Ever noticed how often businesses are uber-villains in popular films and television? Gordon Gekkos and cartoon corporate bad guys are common tropes of cinema. These caricatures are, for the most part, unfair and inaccurate. Sure, there have been Enrons and industry scandals such as the one that recently shook Wells Fargo. Yet, in advanced countries that enjoy economic freedom and stable institutions, most businesses most of the time benefit society and generate widespread health and prosperity.
Businesses, acting ethically and in good faith, follow rules, treat others with respect, and enable cooperation and trust among diverse individuals. They provide value by producing goods and services that make our lives easier and better.
Why, then, are businesses adopting woke policies and contributing to social justice movements? Do their leaders believe they can purchase absolution for their hard-earned profits or boost their brand with progressive politics? If wokeness is antithetical to good and honest business, why would corporations "go woke"?
The call for businesses to be more socially responsible, or woke, presumes that they are, presently, socially irresponsible. The irony is that, once honest businesses pursue wokeism, they become irresponsible and begin to act, in many cases, unethically. They then resemble the unflattering depictions of sinister corporations with leadership that merely performs virtue, care, or concern to accrue power and wealth, manipulate politicians and government officials, and sway public opinion.
Corporations often pursue woke agendas, from diversity, equity, and inclusion (DEI) to environmental, social, and corporate governance (ESG), to avoid scrutiny of their practices that are, in fact, harmful to minorities or the environment. They lobby for government regulations in these areas to minimize competition and solidify their position through government privileges.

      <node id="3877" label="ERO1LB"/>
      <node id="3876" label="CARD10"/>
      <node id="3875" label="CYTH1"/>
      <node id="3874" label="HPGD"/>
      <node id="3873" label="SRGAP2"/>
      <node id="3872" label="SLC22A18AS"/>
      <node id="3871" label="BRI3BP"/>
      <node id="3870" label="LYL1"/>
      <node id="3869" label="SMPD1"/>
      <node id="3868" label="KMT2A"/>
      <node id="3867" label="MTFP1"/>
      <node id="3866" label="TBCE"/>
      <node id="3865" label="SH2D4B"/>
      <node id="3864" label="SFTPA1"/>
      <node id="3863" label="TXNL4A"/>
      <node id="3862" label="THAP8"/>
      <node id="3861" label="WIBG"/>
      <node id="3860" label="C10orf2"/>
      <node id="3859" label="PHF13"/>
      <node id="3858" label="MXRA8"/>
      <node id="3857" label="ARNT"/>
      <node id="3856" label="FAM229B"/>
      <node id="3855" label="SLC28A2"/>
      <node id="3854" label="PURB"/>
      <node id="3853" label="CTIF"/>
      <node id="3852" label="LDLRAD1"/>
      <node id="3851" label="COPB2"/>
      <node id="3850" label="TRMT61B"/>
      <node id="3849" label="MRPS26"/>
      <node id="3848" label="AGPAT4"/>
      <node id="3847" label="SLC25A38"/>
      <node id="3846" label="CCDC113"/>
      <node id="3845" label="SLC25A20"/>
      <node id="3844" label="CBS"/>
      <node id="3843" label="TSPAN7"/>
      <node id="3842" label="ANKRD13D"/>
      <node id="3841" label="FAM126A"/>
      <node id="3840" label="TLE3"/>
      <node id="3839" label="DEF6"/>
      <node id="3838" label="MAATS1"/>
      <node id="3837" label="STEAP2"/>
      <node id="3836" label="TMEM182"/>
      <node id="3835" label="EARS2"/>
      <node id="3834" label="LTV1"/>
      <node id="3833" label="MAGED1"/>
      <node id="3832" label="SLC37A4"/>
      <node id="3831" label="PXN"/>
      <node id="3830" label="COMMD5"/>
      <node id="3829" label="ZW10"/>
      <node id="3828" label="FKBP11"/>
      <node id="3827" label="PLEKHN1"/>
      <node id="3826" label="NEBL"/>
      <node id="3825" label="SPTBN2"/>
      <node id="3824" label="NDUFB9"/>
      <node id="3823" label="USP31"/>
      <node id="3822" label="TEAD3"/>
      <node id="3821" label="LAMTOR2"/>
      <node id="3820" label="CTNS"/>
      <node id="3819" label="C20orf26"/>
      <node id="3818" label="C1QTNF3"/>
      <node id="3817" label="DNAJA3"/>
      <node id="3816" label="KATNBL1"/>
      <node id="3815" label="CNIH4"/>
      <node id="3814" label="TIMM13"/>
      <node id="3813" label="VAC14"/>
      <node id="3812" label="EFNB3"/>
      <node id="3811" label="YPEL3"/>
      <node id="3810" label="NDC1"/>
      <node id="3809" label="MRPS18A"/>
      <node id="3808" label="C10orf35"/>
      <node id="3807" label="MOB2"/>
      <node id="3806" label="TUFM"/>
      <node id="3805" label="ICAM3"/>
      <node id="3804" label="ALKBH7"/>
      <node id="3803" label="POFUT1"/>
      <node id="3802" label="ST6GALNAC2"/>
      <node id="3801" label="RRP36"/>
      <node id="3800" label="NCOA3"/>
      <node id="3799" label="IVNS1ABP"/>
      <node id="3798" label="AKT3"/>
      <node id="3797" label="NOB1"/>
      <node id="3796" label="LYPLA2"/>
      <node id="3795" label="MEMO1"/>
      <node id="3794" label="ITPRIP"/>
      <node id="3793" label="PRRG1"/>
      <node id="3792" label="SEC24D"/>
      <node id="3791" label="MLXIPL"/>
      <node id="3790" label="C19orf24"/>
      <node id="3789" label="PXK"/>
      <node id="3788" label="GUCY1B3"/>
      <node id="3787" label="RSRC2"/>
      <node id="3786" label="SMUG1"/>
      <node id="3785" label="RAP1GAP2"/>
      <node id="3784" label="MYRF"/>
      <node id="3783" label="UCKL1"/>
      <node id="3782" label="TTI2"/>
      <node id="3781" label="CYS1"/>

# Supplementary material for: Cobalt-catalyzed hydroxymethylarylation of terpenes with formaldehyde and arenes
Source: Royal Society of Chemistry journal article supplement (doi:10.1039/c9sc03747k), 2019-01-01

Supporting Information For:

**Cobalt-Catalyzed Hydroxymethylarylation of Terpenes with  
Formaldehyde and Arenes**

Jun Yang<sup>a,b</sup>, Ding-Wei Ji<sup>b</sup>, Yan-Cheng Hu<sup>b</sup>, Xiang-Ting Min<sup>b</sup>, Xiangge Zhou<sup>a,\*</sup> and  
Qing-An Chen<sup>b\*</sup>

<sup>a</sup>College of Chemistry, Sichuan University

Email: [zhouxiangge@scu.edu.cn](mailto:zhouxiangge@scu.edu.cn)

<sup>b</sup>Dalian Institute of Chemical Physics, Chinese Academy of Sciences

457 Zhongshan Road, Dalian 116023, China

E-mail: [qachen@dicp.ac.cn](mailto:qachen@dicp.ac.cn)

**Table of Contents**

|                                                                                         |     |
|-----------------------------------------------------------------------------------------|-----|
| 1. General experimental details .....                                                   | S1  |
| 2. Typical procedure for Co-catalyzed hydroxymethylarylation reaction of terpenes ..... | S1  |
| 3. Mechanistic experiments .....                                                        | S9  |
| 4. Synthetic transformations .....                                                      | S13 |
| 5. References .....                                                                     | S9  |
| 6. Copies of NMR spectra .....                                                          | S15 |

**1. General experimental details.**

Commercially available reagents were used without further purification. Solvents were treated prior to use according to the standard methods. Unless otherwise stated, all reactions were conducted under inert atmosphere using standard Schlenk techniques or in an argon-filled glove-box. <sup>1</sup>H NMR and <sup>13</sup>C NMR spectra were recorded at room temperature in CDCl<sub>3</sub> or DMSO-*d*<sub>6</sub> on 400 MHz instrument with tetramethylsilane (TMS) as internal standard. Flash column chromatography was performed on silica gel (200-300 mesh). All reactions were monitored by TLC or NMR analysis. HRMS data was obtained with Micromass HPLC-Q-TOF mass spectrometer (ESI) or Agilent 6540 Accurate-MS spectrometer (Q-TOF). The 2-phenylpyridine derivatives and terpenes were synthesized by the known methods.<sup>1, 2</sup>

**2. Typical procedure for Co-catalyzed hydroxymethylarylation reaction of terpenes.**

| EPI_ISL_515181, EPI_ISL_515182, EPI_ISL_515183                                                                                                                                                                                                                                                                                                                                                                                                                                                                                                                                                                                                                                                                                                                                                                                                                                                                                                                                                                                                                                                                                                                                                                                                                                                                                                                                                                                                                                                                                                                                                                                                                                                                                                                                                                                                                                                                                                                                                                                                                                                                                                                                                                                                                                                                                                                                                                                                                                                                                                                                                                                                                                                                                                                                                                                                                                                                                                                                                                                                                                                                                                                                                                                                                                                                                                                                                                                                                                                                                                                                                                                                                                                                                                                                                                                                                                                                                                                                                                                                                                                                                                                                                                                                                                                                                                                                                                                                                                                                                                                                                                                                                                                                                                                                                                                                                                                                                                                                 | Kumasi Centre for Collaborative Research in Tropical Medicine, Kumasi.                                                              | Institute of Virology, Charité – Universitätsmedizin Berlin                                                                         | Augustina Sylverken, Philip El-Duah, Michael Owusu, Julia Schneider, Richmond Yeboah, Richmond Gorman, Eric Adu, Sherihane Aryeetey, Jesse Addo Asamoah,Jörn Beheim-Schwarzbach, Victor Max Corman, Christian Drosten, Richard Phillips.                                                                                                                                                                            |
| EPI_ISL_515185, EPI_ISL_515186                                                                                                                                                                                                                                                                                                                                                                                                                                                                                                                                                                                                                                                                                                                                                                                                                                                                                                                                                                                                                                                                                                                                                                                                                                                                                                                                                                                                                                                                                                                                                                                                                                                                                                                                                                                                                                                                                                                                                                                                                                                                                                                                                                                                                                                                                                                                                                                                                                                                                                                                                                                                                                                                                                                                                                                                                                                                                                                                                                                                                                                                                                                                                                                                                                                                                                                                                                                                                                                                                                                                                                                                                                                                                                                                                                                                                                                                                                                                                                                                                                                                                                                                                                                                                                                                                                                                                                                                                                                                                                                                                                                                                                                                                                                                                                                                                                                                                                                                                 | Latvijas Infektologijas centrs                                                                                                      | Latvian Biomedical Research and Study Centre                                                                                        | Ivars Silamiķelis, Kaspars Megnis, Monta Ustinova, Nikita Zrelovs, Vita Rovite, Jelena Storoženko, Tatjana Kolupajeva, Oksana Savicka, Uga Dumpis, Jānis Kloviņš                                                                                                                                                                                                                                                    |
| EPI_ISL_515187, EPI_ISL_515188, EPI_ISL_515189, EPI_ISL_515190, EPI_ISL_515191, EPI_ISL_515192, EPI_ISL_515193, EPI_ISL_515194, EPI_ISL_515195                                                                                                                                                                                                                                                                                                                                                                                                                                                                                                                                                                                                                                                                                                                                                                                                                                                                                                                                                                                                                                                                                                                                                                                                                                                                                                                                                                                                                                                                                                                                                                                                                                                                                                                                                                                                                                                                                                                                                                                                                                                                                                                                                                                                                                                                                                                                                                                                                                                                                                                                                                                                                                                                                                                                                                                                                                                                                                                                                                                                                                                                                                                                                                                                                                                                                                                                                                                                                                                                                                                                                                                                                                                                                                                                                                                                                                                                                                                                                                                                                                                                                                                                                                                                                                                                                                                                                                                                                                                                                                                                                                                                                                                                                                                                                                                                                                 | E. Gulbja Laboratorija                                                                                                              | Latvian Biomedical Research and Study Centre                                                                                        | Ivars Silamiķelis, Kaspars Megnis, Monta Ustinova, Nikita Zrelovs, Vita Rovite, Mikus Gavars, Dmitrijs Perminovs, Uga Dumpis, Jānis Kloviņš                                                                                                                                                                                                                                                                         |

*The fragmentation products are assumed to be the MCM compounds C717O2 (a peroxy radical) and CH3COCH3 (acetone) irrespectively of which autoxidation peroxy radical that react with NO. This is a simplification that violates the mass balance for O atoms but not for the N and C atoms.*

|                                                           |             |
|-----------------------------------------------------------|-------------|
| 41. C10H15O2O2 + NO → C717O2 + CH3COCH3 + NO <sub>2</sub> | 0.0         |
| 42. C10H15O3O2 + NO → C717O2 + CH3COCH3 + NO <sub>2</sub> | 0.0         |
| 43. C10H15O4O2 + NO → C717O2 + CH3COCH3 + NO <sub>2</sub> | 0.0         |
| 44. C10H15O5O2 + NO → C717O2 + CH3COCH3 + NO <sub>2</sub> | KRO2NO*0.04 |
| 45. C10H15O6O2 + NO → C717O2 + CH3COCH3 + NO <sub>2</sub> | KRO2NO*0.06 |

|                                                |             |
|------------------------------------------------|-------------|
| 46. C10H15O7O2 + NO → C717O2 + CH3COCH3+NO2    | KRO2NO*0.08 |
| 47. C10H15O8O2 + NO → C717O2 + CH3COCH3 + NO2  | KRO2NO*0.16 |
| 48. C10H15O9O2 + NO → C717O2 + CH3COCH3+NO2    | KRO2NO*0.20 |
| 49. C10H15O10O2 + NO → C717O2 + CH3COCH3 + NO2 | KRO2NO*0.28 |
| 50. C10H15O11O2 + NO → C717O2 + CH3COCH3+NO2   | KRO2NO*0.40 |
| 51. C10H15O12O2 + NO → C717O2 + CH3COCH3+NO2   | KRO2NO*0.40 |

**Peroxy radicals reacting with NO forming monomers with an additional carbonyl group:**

If a private business wishes to alienate consumers by pursuing wokeness or social justice initiatives that aren’t consistent with the principles and convictions of most Americans, it has that right and can take that risk. But seeking to impose wokeism through government affects everyone in society.
Wokeness as an ideology is necessarily bound up with the growth of government and the dismantling of norms and institutions grounded in historically liberal principles like equality under the law, due process, and free speech. Woke companies attach themselves to government agencies and programs, exacerbating rather than abating social unrest and division. Woke corporations engender surveillance culture and prosecutorial attitudes among their employees, who, rather than collaborating as a team, divide and define themselves by their race or gender, not their character or excellence.
Wokeness is fundamentally illiberal, consolidating power through corporate-government partnerships, concentrating power in the hands of an elite few, and weaponizing the resultant quasi-public apparatus against private individuals holding views that are inconsistent with various social justice initiatives. As the new woke corporate giants amass power through government backing, they broaden the parameters of wokeness to indict a wider array of people and activity as racist, sexist, homophobic, transphobic, and so forth.